The River Thames: a blueprint for the future
Thames Heritage Alliance
The River Thames is one of the world’s great rivers. A great part of the beauty and functionality of London derives from its river. Images of its bridges, its buildings, its fireworks over the Thames represent this island’s history. It is the reason for the city’s existence.
The River Thames not only represents our heritage, but it also plays a vital practical role in London, serving as its largest open space, a key (though arguably underused) transport artery, and an essential part of the physical infrastructure that manages the capital’s rainwater and sewage.
This statement attempts to set out a brief summary containing:
– The main threats to the river
– A list of existing organisations sharing responsibility for the river
– A solution
The Thames now faces many threats which are likely to escalate in the face of continuing economic pressures:
Inappropriate development. With the continuing rise in land values and the appeal of London as a world capital, the demand for property, especially riverside property is high and rising. Some areas of the Thames are already suffering from canyonisation and lack of character, eg. Vauxhall. It is arguable whether a river whose banks are edged with a series of skyscrapers, with little open space, non-deferential to their river setting, such as those promised for Nine Elms, with properties often bought by speculative investors, are in the best interests of the river as a whole, or those of the riverside communities behind them.
Encroachment. The recent decision by Hammersmith & Fulham, supported by the Mayor of London, to permit encroachment of Fulham Football Club’s new stadium 11 metres out into the river – some 1,500m² – is a disastrous precedent which bodes ill for the survival of the river in anything approaching its current form. Speculative ideas for floating villages, floating river walks, floating parks seem motivated only by a desire for novelty and to create more land for development, while endangering the existing open space environment, biodiversity, navigational pathways and riparian activity of the Thames.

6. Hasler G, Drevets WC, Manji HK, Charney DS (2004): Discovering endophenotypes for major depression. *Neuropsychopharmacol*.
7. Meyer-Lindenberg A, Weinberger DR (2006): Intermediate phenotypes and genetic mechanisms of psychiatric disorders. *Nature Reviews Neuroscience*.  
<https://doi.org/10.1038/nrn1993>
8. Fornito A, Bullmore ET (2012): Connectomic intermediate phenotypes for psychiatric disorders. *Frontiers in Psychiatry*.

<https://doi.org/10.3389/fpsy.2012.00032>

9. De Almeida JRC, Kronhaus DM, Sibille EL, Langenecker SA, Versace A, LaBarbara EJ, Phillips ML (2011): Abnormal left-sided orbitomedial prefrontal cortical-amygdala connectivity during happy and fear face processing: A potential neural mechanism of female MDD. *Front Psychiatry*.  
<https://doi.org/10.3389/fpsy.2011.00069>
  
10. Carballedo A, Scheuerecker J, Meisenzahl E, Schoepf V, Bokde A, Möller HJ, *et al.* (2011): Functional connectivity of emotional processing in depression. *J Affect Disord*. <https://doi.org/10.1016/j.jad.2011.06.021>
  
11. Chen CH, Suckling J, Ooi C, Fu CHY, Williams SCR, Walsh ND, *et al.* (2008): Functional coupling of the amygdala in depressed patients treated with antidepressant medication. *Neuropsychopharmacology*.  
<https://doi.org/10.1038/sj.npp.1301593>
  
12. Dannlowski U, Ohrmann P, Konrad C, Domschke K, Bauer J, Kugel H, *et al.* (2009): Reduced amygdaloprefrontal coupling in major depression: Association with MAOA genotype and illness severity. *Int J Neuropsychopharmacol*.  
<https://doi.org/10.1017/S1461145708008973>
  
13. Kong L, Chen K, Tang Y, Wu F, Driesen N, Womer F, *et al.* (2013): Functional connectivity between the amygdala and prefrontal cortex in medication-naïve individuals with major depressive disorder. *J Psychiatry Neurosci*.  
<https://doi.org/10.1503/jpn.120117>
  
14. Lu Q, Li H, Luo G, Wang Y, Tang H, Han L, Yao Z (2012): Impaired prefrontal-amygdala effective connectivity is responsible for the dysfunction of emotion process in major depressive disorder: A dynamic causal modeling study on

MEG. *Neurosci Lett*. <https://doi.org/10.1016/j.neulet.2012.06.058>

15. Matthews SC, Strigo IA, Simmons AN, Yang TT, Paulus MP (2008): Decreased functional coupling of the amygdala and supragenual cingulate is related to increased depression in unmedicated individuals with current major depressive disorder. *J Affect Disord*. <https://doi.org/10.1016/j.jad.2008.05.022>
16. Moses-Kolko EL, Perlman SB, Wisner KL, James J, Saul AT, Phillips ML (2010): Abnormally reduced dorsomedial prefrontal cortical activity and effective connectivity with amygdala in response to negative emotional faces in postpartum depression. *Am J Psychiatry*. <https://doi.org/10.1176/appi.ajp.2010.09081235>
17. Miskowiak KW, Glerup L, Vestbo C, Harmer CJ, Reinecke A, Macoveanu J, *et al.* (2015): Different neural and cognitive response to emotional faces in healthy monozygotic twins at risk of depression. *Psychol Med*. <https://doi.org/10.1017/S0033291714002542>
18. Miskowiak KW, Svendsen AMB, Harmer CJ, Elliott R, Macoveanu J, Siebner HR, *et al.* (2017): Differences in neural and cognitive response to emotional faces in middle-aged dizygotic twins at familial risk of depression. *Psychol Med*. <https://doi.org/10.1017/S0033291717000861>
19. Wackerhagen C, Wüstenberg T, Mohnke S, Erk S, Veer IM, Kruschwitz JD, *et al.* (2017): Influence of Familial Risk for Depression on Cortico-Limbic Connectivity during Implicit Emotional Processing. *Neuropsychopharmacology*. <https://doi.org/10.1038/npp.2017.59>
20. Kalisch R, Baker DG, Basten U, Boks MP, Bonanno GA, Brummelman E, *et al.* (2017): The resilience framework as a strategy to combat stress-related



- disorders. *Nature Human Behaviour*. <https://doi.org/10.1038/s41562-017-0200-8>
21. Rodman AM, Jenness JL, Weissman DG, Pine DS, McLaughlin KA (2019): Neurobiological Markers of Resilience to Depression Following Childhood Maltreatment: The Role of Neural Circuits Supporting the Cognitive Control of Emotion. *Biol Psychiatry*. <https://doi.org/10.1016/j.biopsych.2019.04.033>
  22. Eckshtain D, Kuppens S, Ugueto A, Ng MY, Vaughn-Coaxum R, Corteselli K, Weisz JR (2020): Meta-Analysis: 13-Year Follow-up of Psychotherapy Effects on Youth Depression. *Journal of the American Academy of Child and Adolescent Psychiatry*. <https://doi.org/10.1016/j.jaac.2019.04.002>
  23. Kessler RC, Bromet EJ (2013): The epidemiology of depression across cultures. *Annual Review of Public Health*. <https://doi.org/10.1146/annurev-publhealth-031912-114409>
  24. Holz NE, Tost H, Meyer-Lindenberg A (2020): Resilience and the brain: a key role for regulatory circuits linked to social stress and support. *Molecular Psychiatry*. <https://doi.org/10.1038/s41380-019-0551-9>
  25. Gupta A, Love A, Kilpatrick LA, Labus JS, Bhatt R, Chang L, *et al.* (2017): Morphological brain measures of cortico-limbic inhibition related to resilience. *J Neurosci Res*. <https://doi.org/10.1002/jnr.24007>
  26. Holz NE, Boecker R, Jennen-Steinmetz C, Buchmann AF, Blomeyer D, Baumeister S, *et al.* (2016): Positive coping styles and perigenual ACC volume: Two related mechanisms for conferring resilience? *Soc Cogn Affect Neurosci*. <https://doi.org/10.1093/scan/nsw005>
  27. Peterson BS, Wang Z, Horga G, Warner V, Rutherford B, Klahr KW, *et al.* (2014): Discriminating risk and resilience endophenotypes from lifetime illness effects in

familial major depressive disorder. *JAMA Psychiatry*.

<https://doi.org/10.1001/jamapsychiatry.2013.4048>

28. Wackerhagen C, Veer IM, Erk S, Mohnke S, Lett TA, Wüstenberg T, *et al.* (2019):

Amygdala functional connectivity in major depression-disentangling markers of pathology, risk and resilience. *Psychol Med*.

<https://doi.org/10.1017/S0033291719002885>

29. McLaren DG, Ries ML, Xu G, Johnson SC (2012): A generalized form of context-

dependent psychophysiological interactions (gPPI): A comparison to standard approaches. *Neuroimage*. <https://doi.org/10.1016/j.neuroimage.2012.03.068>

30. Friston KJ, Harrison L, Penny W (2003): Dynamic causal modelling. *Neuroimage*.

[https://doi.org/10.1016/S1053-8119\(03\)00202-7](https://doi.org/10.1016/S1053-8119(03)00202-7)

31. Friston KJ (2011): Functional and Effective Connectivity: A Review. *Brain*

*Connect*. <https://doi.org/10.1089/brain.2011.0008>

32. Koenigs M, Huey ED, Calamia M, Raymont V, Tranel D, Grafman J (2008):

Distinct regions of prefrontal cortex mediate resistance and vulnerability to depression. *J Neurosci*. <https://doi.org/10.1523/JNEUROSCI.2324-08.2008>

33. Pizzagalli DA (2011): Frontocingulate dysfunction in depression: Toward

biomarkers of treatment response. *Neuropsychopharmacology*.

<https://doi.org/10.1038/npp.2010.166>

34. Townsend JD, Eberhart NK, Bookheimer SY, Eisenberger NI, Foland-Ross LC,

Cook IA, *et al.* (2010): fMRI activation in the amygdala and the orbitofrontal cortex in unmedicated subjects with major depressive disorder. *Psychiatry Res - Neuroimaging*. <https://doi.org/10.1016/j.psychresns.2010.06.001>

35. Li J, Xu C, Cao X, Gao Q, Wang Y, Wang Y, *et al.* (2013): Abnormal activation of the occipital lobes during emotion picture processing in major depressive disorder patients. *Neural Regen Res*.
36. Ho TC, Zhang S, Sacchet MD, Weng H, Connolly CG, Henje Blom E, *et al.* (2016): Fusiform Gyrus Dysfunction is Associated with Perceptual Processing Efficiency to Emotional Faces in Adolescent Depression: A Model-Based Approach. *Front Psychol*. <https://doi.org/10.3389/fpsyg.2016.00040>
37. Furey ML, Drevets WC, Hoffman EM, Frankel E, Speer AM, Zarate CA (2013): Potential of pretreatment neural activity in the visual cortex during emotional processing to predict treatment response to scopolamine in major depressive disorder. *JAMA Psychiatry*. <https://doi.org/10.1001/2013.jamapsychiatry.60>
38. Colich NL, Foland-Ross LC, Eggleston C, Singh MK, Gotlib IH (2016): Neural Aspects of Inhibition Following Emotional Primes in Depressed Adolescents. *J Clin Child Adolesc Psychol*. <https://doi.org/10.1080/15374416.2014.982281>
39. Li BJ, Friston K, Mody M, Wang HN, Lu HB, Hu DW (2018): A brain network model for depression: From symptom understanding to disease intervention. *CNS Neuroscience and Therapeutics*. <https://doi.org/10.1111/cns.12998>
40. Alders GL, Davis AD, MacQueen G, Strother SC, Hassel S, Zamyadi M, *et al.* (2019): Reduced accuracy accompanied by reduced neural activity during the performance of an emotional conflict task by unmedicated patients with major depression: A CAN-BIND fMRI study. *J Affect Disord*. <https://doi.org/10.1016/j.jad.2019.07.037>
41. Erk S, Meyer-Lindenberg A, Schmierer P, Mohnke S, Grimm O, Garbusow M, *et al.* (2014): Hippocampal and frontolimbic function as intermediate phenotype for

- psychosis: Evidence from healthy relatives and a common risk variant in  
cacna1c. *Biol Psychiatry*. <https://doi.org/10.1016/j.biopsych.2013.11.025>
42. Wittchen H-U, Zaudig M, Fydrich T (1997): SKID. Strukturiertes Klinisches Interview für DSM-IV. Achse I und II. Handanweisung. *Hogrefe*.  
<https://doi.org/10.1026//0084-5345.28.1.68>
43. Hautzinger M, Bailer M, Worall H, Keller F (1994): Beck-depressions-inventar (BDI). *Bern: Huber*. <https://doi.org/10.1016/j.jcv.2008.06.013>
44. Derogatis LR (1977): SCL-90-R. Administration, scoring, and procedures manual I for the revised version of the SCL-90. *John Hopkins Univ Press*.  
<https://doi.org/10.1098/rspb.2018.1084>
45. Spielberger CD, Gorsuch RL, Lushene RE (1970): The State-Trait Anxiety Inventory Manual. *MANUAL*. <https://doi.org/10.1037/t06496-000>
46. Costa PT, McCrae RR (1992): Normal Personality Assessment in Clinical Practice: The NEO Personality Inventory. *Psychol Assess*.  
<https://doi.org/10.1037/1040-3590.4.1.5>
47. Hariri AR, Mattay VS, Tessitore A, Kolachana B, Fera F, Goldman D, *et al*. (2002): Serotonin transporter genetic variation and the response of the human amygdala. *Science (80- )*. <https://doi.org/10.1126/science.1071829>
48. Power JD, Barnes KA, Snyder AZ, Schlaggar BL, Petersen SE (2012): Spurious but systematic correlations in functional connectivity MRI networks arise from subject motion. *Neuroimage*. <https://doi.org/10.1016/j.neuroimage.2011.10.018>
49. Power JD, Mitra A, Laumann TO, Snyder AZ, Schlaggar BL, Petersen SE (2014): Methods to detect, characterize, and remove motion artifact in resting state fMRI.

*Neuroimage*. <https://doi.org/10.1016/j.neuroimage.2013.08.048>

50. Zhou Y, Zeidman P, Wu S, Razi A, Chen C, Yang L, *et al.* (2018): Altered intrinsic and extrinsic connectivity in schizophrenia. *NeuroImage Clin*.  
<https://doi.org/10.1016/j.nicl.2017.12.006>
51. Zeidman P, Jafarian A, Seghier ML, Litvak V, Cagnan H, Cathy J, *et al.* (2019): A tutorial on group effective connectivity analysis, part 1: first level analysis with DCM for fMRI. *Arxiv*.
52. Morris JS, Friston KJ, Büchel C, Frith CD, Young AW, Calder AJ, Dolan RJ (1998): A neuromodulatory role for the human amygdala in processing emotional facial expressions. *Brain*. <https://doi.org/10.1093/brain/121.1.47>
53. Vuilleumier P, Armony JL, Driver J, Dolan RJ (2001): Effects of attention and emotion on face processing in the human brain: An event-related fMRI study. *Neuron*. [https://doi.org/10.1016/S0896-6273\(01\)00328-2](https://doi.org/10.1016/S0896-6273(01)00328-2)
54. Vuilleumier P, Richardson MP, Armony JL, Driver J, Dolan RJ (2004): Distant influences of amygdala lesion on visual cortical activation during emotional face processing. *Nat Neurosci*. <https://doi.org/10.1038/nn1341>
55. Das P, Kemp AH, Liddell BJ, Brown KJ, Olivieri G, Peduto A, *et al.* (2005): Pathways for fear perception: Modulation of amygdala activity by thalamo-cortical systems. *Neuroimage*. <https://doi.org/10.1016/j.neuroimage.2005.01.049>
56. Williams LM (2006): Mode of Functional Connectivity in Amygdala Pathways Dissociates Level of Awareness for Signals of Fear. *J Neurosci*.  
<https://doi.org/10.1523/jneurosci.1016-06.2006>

Loss of heritage buildings. Retaining heritage which reflects the history of an area is crucial to maintaining the identity of a place. Iconic buildings such as Battersea Power Station, Henry VIII’s naval dockyard at Deptford, the wharves of Brentford, or the Lots Road power station – these are the elements that retain the history and meaningfulness of a place. Sensitive redevelopment of Fort Dunlop does more for Birmingham’s image, history and liveability than a hundred new high rise buildings. London’s river development needs to work with its historic heritage, not plaster over it leaving only ghostly road names as a fading memory.
Rainwater and sewage overflows. The Thames must cope with the massive growth in population of the capital. The Thames Tunnel, a major infrastructure project planned by Thames Water, has been proposed to solve the problems of sewage overspill during heavy rainfalls. It is arguable whether this will solve the long term overflow problems, and disappointing that insufficient non-partisan exploration of alternative methods has been carried out.
Blue-green solutions. Failure to explore the positive blue-green uses of the river for sustainable and environmentally beneficial purposes becomes more acute and more indefensible, and fails to build on the traditional roles the river has played.
Loss of river traffic. As the few remaining points of access for small boats come under threat, the last working wharves yield to pressures of land value, sailing and other recreational river clubs are compromised, eg Ranelagh Sailing Club – one of the oldest clubs on the tidal Thames – whose existence is severely threatened by the Fulham Football Club; the rowing clubs at Putney whose movements are hampered by the new pier proposals; Richmond Council’s new mooring restrictions on small boats; the private residential estate at Chiswick Pier’s reluctance to encourage a ferry stop; etc)
In summary these dangers pose a threat to the health and viability of the river and its surroundings. The river is permanently diminished through encroachment contrary to planning guidelines (as clearly demonstrated with the Fulham Football Club development). Its heritage sites will be blighted, its viability as a functioning river compromised.
An identi-kit and soulless riverside, fringed with half-occupied high-rise penthouses, canalised into a narrow channel with an under-exploited waterway in terms of river traffic and riparian leisure use, is not a future that we should be contemplating with equanimity.